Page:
It's so easy for U.S. corporations to set up an offshore tax haven in Panama, an intern could do it. Really! To make this point, Public Citizen's Global Trade Watch division had one of its interns call up some Panamanian law firms for advice on starting up a shell company.
"Panamanian corporations basically pay no taxes on foreign-derived income," one man explained to the intern, Jessica. Another said: "You're protected by the strictest banking secrecy laws in the world," thereby "totally removing you from the legal trail."
In a video on Public Citizen's website, Jessica is told that all she needs to do is provide a passport photocopy, a bank reference letter, some info on her professional activities, and her plans for the company -- all of which could be sent by email.
Public Citizen produced the video as a serious debate over the pending Panama free trade agreement begins to heat up in Congress. Rep. Bruce Braley (D-Iowa) is leading a coalition of House Democrats in an effort to slow the Obama administration in case it plans to move forward on the agreement.
"We have an expectation that trade agreements are going to have basic standards to protect labor rights, environmental standards, food safety regulations, financial regulations and taxation transparency," Braley told the National Journal's Peter Cohn on Wednesday. "And that's why this particular trade agreement creates such concern, is because of Panama's tax haven status."
The Senate Finance Committee is set to hold a hearing on May 21.
Public Citizen opposes the agreement, calling it "the wrong handout for the wrong interests."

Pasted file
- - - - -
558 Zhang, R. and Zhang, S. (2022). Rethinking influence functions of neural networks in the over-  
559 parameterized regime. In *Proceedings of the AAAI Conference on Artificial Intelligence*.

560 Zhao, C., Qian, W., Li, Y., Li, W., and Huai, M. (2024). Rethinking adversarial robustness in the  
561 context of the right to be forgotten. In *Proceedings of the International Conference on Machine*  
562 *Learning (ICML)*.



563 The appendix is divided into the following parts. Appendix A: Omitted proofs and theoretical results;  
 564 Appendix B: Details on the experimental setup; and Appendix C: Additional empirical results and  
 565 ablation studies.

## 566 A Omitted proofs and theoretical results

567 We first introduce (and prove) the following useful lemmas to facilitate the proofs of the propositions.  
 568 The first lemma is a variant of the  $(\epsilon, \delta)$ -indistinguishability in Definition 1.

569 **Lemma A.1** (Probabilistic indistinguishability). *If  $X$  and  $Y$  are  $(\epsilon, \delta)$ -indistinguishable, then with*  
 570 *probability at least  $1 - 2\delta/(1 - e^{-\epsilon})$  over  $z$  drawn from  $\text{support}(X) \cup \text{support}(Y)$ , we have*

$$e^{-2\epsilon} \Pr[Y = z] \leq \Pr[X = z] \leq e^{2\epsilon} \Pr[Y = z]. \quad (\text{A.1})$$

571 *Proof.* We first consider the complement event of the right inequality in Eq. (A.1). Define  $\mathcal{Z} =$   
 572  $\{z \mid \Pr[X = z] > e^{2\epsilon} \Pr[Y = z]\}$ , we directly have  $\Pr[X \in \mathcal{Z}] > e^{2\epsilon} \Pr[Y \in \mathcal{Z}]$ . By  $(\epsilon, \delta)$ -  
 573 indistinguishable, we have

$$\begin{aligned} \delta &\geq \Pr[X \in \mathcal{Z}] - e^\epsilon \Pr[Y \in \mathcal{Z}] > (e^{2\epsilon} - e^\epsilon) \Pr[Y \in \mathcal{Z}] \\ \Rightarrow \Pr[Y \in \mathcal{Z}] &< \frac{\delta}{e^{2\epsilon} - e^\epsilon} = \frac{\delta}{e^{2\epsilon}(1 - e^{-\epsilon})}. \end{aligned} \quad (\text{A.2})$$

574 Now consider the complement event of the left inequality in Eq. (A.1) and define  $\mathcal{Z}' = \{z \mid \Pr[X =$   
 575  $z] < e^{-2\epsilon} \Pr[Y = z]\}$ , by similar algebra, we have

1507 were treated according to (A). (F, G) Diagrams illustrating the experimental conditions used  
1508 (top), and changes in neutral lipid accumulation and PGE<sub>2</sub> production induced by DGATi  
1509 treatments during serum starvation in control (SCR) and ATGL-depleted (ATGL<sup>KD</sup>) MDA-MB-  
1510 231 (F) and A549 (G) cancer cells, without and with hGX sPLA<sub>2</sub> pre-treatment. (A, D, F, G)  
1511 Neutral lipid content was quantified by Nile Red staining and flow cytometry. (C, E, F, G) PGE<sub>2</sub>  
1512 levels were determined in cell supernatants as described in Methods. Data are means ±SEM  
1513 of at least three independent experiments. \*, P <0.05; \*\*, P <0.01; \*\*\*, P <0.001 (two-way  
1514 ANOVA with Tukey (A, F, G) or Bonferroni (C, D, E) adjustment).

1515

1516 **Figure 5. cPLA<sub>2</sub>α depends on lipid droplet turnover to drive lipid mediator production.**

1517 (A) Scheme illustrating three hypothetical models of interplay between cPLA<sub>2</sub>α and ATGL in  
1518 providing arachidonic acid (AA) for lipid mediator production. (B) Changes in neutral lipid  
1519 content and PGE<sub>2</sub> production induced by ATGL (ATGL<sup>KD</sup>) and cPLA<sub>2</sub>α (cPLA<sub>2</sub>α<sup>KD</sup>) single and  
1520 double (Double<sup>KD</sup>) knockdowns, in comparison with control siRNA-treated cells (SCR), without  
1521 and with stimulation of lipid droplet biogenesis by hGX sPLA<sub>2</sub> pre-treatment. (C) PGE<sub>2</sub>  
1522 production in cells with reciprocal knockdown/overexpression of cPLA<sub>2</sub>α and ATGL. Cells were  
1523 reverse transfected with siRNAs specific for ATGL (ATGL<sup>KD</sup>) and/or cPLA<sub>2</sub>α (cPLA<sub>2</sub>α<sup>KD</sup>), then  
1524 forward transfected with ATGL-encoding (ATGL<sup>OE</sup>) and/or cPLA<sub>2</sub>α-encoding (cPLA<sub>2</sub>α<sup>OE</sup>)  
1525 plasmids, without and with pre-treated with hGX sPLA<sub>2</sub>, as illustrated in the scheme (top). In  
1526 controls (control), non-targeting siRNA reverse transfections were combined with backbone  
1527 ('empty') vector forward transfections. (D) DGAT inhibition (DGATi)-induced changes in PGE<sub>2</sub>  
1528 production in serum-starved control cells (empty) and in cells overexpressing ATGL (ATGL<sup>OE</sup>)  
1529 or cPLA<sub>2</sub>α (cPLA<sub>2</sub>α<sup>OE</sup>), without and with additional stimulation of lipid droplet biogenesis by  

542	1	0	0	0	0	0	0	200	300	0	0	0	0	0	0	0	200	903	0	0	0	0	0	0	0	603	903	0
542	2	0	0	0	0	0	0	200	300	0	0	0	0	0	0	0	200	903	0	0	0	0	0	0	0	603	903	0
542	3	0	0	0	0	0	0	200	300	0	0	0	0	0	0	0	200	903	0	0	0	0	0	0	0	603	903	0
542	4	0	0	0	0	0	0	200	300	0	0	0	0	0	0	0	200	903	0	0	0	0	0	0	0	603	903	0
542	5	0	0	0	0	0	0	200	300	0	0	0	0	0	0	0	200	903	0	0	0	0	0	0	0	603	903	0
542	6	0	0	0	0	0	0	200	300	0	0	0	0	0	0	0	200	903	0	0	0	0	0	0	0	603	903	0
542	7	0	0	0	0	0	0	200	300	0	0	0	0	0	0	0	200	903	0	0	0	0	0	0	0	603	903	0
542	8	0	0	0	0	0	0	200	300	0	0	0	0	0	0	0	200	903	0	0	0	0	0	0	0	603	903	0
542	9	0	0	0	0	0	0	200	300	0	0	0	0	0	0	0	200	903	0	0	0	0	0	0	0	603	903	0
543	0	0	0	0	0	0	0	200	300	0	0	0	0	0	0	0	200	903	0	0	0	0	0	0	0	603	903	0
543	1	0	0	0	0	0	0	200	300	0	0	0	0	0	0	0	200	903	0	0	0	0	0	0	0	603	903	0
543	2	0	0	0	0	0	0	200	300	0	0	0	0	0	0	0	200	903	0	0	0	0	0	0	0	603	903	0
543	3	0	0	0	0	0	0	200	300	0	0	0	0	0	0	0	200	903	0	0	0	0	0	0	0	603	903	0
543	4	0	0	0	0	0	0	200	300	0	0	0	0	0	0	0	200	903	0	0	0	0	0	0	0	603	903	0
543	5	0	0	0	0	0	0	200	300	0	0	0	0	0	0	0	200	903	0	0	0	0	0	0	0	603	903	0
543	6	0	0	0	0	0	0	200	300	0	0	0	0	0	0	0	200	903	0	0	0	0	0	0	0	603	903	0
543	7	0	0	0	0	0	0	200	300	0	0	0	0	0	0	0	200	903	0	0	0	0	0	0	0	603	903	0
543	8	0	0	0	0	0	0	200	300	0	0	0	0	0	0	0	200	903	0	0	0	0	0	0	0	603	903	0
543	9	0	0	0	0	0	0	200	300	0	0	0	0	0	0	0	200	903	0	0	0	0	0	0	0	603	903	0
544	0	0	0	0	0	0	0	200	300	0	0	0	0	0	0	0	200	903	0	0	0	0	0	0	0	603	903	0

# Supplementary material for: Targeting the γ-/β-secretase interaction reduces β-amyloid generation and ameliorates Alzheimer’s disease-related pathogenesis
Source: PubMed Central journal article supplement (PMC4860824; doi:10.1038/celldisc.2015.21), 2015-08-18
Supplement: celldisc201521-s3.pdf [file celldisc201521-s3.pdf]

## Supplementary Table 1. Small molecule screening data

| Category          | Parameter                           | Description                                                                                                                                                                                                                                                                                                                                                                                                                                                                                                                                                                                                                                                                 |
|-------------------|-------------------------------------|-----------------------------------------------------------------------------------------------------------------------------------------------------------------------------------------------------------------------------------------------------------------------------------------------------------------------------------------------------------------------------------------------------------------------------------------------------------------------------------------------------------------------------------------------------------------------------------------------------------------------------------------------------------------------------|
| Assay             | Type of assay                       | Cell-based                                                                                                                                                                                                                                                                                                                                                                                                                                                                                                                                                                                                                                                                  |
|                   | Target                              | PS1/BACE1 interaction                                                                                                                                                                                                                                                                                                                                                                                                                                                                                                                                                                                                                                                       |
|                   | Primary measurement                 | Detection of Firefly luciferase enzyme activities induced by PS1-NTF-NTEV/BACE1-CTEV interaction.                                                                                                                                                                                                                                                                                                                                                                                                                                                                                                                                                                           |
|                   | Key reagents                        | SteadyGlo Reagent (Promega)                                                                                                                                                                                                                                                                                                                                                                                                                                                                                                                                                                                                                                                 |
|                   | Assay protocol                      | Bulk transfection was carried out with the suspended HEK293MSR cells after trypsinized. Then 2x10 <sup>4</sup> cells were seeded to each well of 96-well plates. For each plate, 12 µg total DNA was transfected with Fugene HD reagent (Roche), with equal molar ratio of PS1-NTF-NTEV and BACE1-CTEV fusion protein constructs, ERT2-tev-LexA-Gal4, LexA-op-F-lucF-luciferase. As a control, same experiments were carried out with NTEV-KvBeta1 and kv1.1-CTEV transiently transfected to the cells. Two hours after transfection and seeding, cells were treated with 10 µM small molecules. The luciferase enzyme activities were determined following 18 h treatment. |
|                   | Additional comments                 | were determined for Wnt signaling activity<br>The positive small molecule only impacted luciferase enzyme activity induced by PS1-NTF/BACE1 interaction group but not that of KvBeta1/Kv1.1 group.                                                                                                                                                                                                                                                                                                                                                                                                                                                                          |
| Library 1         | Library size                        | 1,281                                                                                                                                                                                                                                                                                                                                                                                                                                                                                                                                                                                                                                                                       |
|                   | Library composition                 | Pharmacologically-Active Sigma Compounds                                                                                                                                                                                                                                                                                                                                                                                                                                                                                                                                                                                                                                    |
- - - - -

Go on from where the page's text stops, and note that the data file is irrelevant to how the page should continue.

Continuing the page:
"It would give investors registered in Panama new rights to challenge U.S. anti-tax haven regulations and other initiatives for taxpayer-funded compensation," said Todd Tucker, research director for Public Citizen's Global Trade Watch division, in an interview with the Huffington Post.
In April, Public Citizen released a study that found several companies that had lobbied for the Panama FTA -- including bailout beneficiaries Citigroup and AIG -- "have a combined dozens of subsidiaries in Panama that would be empowered with expansive new rights if the FTA is implemented. These firms have been among the top advocates for the Panama FTA."
Tucker said that the Panama FTA would compromise the Obama administration's recently-announced crackdown on tax havens, which the president said would save $210 billion over the next decade. (A 2008 Senate report estimated that the U.S. loses $100 billion to tax havens every year.)
The Panama FTA was negotiated and signed by the Bush administration but has not been sent to Congress. In April, U.S. Trade Representative Ron Kirk said he predicted the agreement would win congressional support. Democrats are expecting the administration to send it to Congress soon. But Tucker stressed that nobody in the administration other than Kirk has made noise about it.
"It's not clear that the entire administration is behind the initiative," Tucker said. If the agreement is being floated as a trial balloon, "they are certainly provoking a reaction."
Tucker said his intern didn't follow through with registering her Panamanian subsidiary. She could have, but it would have cost a couple hundred dollars in fees -- probably more than an intern at a nonprofit can afford.